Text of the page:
Federation Board meets with NCUA
The Federation's Board of Directors met in Washington on February 22-24, 2003 taking advantage of their time in the nation's capital to meet with each of NCUA's board members.
Federation Chairwoman Rita L. Haynes (Faith Community United CU in Cleveland, OH) led a wide-ranging discussion with the NCUA board members that highlighted a number of issues.
- Non-member deposits. Federation leaders urged NCUA to drop the 1988 regulation limiting the use of non-member deposits by low-income credit unions. The Federation's argument: controlling deposits through a special regulation is unnecessary because NCUA has many enforcement tools available through Prompt Corrective Action (PCA).
- Lack of perspective in risk-focused exams. A number of CDCUs report that examiners are using the introduction of the new exam procedures to bear down on every possible area of risk, regardless how remote, and imposing strict time deadlines regardless of a credit union's other urgent tasks. As one Federation Board member put it, "A two-week deadline for kidnapping prevention policies, at a time when we were moving our offices? Now, really!"
- "Catch-22" for CDFI Fund awards. Disbursement of some awards won by CDCUs from the highly competitive CDFI Fund have been held up because NCUA examiners cited weaknesses in the credit union awardees' operations. In fact, receiving the awards would have enabled the credit unions -- some of which are officially "well-capitalized" -- to rectify problems. The Federation called on both NCUA and the CDFI Fund to work more closely together.
- NCUA restrictions on mortgage lending; intervention into CDCU board matters. Despite NCUA's strong desire to expand service to the underserved, some examination practices continue to contradict the NCUA board's philosophy. One CDCU, which serves a very-low-income Hispanic population, complained that the examiner was demanding the credit union limit itself to 80% loan-to-value mortgage loans, even though most low-income people cannot meet this standard -- and even though the credit union had won a CDFI Fund award to mitigate the risk of high loan-to-value mortgages.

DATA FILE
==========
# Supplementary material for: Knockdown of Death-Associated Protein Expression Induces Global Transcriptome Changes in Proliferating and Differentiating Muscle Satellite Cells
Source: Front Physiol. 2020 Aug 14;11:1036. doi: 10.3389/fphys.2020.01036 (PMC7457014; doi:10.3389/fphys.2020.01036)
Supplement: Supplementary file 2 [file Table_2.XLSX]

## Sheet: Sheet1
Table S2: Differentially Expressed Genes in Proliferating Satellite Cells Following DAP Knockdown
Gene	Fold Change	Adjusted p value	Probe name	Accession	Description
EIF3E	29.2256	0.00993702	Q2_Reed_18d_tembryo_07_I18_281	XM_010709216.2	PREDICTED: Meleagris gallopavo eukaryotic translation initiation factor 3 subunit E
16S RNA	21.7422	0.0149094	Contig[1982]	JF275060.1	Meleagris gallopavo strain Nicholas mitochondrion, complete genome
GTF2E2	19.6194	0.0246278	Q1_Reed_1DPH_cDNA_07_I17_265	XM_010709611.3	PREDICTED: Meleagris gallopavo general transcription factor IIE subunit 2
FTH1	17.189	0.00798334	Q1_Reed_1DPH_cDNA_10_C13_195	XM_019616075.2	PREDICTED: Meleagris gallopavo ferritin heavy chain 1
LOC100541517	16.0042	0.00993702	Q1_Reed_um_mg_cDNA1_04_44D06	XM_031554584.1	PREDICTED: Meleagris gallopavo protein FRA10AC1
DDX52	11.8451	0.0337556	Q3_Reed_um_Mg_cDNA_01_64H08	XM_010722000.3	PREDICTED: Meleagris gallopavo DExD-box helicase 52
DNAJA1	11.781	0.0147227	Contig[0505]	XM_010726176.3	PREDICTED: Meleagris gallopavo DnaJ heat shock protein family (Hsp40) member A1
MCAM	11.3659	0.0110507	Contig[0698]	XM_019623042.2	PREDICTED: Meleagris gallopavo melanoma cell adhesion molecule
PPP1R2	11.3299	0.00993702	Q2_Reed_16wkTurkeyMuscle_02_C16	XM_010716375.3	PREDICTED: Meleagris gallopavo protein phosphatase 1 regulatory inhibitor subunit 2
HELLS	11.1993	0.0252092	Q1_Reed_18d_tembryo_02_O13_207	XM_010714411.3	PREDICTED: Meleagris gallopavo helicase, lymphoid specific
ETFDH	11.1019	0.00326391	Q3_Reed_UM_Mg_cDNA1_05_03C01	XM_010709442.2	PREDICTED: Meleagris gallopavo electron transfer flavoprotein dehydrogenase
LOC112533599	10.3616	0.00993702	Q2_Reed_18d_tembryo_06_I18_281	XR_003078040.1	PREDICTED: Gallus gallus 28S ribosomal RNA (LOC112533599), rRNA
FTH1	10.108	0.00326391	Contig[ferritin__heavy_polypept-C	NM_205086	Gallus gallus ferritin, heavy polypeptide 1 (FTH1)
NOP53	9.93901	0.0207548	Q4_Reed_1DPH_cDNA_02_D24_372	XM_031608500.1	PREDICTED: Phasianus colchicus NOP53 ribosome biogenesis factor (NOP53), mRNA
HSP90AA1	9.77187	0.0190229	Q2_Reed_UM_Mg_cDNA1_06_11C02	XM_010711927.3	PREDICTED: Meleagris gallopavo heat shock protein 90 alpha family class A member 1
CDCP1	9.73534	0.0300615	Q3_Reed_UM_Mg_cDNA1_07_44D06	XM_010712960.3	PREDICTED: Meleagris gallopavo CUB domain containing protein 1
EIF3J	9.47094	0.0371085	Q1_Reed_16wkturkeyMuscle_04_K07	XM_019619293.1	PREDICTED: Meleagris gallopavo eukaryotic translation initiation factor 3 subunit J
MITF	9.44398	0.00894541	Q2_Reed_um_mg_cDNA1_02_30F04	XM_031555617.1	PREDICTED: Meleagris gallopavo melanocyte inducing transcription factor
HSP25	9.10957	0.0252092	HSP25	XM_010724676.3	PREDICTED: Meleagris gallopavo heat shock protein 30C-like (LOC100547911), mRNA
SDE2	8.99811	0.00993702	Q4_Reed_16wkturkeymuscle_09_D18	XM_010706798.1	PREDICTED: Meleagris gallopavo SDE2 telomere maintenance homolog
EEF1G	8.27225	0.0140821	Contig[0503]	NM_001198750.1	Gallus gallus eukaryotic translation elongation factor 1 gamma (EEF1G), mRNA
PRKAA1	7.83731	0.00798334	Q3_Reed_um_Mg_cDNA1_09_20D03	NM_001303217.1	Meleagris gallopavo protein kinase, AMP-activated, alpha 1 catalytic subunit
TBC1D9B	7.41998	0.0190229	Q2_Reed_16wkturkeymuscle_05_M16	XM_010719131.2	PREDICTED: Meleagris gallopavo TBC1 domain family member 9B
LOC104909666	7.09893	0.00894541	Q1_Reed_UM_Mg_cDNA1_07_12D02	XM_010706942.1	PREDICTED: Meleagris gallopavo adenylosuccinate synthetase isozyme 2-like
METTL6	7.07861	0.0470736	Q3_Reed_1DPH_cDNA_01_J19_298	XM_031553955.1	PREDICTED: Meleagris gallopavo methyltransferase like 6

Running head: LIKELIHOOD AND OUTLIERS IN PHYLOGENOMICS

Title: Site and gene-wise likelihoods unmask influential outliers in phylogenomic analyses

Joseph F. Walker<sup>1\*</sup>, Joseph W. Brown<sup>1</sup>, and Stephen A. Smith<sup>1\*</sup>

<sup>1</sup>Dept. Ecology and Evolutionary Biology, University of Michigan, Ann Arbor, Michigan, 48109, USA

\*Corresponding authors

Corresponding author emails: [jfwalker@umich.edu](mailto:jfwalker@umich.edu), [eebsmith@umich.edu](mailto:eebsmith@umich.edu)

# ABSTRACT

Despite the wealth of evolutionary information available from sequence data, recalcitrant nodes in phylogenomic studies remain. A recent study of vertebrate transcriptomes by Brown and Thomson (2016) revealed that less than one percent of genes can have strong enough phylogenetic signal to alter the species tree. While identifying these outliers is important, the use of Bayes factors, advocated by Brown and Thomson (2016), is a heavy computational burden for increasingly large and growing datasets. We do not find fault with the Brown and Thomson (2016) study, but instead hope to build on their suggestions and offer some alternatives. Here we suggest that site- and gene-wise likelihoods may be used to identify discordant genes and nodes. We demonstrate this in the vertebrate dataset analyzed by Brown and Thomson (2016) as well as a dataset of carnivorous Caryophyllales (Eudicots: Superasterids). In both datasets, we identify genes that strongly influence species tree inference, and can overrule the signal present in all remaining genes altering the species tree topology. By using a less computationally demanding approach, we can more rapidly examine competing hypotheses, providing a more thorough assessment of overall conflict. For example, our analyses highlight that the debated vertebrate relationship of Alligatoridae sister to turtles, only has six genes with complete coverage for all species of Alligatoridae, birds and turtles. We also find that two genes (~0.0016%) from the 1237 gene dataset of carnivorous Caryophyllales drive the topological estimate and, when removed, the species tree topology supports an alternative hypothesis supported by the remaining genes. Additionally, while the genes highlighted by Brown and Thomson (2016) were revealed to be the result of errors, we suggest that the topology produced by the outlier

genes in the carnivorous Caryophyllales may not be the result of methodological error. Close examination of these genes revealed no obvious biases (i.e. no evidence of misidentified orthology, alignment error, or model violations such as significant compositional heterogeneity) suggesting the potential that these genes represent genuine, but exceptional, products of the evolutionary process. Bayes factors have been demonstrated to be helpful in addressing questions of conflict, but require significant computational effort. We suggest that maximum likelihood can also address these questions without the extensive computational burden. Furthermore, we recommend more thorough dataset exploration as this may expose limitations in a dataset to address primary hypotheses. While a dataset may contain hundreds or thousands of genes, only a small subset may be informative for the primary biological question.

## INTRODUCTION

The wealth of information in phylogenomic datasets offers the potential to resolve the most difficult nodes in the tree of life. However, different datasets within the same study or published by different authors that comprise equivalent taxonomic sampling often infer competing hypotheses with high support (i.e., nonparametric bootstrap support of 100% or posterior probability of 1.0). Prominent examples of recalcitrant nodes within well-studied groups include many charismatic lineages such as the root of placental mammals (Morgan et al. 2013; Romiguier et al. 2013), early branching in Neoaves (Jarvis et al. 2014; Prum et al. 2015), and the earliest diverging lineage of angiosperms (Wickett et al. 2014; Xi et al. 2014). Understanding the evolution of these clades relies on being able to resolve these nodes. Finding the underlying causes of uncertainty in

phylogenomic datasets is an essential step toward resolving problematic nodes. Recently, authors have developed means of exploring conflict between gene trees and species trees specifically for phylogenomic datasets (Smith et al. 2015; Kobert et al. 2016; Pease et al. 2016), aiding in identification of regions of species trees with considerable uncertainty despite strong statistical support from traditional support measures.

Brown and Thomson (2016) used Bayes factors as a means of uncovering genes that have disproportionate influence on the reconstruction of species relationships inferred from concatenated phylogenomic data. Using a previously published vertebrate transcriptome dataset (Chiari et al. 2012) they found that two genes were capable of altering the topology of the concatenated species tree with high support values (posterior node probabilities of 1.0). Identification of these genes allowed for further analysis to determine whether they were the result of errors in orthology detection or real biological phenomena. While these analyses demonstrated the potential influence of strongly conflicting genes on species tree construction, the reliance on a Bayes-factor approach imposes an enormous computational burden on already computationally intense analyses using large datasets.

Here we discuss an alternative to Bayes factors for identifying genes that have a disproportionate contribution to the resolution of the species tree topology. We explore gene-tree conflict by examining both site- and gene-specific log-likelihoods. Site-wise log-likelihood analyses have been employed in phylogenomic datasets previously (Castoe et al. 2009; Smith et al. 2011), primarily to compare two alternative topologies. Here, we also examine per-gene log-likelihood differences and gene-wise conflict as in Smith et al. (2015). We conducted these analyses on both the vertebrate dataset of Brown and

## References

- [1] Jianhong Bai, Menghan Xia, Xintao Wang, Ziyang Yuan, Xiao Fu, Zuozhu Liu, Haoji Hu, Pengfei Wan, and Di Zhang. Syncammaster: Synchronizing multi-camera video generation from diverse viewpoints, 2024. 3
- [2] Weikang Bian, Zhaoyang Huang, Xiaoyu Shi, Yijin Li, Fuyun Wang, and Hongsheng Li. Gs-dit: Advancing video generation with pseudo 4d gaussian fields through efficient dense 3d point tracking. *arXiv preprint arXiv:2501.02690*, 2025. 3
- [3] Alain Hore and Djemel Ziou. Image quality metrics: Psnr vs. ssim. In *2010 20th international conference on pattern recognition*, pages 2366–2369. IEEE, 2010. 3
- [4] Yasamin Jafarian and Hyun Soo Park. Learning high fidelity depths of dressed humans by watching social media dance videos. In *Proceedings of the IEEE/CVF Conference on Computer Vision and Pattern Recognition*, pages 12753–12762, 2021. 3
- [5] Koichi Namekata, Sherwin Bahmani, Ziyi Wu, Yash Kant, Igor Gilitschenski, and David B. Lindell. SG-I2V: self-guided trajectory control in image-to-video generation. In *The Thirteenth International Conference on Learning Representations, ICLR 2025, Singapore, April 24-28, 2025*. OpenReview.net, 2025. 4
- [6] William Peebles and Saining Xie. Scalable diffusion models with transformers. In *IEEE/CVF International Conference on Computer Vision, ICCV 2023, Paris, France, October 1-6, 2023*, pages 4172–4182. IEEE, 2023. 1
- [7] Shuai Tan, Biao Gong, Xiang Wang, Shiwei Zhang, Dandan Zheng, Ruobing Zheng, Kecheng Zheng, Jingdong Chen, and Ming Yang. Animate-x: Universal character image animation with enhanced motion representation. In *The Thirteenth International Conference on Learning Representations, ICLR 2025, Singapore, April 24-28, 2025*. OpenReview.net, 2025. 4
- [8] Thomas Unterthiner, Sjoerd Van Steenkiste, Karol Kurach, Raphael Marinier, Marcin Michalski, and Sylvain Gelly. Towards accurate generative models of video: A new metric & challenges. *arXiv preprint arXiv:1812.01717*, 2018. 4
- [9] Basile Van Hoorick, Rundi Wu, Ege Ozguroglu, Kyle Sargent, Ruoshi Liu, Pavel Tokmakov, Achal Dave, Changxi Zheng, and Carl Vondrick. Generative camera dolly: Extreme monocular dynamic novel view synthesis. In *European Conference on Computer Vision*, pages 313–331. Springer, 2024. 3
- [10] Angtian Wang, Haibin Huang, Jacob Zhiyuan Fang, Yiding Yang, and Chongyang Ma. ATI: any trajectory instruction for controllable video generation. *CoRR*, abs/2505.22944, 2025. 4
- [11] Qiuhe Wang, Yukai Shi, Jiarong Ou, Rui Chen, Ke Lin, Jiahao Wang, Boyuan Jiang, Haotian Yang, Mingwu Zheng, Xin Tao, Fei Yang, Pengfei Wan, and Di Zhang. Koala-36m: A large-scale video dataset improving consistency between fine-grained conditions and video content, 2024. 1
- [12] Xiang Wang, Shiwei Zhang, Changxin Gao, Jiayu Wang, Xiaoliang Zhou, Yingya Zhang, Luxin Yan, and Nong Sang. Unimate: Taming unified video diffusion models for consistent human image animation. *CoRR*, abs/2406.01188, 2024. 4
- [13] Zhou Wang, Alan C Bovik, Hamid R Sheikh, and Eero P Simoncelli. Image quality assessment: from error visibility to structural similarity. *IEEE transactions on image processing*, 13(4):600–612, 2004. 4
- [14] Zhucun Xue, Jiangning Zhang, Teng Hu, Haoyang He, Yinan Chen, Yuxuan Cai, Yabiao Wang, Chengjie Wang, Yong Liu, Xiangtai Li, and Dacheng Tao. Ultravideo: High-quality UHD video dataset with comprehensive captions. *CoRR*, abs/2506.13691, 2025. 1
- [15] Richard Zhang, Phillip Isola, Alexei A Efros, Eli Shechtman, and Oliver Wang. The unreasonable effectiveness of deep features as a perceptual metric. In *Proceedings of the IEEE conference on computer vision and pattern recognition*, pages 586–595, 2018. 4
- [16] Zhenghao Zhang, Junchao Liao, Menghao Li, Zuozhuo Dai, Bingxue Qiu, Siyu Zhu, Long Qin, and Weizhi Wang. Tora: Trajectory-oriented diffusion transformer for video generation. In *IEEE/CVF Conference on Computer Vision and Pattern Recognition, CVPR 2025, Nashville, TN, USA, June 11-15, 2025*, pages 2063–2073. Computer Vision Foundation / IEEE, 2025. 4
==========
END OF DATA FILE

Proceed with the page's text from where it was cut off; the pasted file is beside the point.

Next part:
- The Federation's strong opposition to changing the definition of "low-income." Reportedly, some credit union representatives are seeking to raise the ceiling on the official definition of "low-income," in order to allow more credit unions to access the powers not restricted to low-income CUs. While the Federation remains supportive of efforts to expand key powers to other segments of the credit union movement (e.g., caps on small-business lending, alternative capital), the Federation's Board was united in its opposition to any attempt to dilute the standard for low-income and thereby render it meaningless.
NCUA Proposed Field of Membership Policies:
Please click herefor the Federation's comment letter
To visit NCUA's website, click here.